I’m often able to mitigate identity triggers, which used to be majorly powerful for me, by preparing myself beforehand. Relaxing my body, keeping a long-term perspective, focusing on listening and understanding what exactly it is that they are saying, and where I agree.

It’s hard, though, at times.

Separate the ‘what’ from the ‘who’

Sometimes we can immediately reject feedback because of who it’s coming from and our relationship with them. ‘Of course they would say that… ‘ , ‘They just don’t get the long game I’m playing’, ‘[Job role] always think that way’.

We should at least give everyone a fair crack of the whip. Making an effort to understand the feedback, even if it’s just to ensure we’ve understood, can help.

There are always things others know about us that we don’t – particularly when it comes to our impact on them. Hold it as a possibility that there is some truth in what they’re saying.

If there are people who know you really well and you trust, it’s worth checking out the feedback just to see if they could help you to find the truth in it. Make it clear that you want a way in, rather than just wanting supportive solidarity!

Presume positive intent – at least to start with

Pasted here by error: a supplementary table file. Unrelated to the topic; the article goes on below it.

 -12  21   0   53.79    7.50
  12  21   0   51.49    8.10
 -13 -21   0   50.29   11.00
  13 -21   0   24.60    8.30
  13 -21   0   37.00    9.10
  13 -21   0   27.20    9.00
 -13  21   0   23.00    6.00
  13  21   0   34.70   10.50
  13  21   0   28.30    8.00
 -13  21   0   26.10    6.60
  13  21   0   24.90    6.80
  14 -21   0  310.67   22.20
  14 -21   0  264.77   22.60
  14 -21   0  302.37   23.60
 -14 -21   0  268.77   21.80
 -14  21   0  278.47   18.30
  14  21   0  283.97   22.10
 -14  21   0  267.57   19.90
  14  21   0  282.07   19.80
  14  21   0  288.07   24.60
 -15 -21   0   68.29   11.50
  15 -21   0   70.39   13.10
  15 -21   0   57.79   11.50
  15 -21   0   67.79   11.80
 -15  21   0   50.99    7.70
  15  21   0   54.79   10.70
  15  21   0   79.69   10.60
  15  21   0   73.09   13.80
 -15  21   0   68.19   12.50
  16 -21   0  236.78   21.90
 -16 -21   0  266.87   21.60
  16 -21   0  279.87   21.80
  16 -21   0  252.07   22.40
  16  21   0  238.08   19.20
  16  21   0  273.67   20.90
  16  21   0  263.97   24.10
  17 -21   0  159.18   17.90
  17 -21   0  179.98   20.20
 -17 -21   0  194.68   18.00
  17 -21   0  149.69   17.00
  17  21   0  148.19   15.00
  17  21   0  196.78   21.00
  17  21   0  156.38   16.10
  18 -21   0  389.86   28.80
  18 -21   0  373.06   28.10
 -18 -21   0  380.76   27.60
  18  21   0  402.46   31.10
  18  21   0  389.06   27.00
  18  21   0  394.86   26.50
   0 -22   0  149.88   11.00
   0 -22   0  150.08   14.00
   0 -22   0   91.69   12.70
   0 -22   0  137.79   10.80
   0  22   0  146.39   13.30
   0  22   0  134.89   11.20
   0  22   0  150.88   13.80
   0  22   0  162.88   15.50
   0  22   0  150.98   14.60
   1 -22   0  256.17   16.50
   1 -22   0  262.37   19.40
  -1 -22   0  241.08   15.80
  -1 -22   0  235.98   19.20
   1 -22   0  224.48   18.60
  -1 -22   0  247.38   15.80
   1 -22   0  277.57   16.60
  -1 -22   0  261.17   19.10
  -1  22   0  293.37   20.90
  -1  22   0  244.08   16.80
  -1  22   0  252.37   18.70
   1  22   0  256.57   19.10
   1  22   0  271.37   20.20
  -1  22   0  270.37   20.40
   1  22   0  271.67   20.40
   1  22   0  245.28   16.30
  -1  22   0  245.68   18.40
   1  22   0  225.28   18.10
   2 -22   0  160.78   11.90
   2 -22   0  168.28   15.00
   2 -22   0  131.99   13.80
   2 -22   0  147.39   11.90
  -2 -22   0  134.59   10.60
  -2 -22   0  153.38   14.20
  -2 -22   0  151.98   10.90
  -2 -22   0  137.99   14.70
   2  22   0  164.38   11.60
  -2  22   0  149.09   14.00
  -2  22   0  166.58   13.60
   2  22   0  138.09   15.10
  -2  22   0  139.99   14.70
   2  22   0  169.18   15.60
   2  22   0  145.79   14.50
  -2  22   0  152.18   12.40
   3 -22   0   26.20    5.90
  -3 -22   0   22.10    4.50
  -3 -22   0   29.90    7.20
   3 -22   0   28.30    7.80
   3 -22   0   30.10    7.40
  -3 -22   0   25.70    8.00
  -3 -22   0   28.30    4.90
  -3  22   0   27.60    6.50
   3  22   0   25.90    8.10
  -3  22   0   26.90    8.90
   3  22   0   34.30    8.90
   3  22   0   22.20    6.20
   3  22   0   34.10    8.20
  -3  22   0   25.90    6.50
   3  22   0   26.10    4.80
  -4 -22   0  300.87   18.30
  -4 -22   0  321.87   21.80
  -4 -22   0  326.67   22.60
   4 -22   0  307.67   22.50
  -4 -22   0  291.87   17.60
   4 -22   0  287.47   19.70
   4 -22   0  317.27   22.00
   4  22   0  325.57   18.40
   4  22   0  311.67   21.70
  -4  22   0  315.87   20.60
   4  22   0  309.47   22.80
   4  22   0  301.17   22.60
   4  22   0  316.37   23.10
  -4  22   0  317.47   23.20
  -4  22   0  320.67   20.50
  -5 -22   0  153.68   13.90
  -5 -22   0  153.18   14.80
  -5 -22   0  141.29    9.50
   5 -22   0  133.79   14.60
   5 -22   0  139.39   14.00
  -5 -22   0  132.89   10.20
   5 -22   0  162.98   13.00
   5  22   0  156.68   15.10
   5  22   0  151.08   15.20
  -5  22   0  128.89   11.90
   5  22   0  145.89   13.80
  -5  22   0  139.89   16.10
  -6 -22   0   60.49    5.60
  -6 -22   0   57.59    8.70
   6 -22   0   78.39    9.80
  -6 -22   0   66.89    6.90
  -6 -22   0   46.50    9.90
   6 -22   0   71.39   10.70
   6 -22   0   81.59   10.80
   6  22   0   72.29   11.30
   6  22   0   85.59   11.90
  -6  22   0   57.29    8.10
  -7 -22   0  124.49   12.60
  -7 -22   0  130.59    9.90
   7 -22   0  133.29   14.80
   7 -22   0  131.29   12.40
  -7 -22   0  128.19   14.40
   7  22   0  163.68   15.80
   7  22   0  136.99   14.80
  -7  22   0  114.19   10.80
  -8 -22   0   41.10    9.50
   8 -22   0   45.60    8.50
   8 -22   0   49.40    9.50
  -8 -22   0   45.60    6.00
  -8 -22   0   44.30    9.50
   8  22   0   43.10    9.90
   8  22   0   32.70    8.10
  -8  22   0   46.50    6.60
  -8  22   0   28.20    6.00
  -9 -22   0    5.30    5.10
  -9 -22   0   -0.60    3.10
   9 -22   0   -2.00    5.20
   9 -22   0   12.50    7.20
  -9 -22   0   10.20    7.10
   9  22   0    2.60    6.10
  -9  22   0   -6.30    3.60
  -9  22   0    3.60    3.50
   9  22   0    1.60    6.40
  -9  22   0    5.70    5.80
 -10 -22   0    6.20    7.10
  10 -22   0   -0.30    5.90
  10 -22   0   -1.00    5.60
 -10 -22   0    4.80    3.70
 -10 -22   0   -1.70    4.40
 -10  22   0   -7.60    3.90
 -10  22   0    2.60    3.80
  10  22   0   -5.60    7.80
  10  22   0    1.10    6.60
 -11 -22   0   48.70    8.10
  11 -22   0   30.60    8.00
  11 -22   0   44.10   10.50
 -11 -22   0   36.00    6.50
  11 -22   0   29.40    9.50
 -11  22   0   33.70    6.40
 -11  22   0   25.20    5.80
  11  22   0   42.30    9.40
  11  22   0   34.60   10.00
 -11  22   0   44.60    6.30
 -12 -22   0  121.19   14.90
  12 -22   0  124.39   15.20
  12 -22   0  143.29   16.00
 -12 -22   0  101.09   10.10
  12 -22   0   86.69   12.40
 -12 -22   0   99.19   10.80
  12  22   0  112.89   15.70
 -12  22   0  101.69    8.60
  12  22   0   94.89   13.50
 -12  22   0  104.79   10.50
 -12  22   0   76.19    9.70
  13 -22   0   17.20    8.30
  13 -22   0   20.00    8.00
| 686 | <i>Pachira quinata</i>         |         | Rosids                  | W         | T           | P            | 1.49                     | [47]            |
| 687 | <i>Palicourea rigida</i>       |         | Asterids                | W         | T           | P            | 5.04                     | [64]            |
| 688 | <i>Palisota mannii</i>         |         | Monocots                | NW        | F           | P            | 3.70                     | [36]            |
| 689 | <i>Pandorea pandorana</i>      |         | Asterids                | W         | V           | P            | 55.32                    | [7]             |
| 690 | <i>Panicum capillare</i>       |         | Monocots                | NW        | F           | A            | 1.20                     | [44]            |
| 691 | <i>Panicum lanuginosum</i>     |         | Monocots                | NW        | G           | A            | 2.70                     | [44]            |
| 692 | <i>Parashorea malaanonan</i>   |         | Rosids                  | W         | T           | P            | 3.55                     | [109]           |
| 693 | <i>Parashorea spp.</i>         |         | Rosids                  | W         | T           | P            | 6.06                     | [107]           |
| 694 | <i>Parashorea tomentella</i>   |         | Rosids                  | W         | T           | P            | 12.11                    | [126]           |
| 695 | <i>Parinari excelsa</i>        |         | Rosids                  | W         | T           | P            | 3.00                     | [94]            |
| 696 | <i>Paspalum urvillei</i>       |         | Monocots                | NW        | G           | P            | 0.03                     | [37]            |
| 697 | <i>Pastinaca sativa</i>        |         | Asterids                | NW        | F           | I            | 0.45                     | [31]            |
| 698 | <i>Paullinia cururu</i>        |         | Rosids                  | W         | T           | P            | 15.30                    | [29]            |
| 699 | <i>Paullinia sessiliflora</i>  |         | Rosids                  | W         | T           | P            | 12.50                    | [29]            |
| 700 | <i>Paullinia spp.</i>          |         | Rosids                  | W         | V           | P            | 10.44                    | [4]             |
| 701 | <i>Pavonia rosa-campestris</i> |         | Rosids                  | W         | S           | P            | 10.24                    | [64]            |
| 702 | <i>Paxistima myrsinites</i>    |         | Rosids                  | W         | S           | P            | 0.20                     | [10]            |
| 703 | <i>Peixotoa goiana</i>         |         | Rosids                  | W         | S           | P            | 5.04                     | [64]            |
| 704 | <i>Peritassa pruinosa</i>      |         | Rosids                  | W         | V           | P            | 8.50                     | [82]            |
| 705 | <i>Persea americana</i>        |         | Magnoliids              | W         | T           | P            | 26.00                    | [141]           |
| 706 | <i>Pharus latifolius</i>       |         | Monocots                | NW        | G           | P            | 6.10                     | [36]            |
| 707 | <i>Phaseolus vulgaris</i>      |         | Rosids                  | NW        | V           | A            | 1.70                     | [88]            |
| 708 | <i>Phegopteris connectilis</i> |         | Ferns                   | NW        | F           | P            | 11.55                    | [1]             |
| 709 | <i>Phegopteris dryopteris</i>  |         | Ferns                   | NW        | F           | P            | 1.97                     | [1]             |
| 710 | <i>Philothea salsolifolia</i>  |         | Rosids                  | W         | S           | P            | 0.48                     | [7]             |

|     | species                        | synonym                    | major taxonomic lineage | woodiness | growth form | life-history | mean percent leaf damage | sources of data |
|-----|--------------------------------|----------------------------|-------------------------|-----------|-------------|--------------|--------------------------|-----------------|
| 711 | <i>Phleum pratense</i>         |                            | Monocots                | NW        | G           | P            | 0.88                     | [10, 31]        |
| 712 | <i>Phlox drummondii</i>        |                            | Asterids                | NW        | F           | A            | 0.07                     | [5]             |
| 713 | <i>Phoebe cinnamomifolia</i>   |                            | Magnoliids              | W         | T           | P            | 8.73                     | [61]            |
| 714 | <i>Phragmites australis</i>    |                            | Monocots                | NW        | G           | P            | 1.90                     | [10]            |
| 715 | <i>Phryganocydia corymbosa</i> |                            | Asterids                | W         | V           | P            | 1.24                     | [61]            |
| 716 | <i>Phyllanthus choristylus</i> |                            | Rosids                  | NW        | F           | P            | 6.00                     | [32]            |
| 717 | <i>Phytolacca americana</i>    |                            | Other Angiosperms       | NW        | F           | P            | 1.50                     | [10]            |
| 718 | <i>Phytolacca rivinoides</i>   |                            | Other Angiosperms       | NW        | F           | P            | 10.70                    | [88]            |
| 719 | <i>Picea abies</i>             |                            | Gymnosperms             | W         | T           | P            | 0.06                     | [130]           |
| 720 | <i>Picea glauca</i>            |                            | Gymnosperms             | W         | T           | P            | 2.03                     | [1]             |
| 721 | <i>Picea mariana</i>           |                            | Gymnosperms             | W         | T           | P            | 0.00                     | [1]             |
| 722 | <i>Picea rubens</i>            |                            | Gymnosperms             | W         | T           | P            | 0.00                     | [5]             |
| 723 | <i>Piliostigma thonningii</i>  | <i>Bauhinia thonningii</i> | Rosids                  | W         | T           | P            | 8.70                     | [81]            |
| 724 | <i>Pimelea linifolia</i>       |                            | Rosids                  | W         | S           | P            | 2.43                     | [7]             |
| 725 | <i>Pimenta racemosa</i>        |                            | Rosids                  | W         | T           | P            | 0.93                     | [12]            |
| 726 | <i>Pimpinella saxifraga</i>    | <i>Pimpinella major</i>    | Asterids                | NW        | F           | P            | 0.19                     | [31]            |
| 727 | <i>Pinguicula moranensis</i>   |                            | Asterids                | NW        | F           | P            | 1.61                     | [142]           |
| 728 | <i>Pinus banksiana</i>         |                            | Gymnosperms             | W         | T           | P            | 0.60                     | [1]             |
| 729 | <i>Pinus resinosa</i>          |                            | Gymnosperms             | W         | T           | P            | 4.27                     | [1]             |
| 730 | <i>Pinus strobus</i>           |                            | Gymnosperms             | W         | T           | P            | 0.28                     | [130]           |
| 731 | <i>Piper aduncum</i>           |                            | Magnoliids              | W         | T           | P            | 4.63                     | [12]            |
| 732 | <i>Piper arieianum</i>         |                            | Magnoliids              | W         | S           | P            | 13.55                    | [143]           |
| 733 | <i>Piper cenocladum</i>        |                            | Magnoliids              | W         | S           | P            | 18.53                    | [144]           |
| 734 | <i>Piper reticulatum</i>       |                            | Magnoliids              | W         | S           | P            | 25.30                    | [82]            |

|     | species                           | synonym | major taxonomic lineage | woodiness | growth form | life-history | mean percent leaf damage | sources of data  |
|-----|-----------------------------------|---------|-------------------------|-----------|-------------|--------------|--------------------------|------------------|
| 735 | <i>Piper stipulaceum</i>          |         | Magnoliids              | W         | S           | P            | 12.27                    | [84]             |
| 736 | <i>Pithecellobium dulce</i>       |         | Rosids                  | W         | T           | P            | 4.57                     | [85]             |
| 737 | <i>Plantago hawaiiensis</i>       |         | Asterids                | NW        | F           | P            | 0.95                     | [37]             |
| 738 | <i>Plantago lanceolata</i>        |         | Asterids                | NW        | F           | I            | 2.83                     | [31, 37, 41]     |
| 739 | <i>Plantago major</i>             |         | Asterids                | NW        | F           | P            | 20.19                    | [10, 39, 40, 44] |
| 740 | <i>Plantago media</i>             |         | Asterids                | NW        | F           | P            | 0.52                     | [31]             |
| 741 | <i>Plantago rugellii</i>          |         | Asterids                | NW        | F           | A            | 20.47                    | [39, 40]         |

This is a good principle in many arenas, but particularly when receiving ‘improvement’ feedback.

‘Improvement’ feedback can actually be two types – evaluative (judging you against a standard) or coaching (here’s how you could do better).

Presuming (even pretending) that someone’s suggestion is coaching feedback and their intention is that you do better (rather than a criticism of how you’re falling short of a standard) can help you.

When feedback feels like an attack on who you are, remember your outcomes and purpose

Sometimes we get personally involved with our work. So much so that any criticism feels like an attack on our very person. When I’d put together a class I used to teach, I had put so much into it, that even slight improvement feedback left me reeling.

At times like this, it can be good to remember outcomes and purpose.

Outcomes as in: what are you trying to achieve in this project? What’s the change you’re working towards?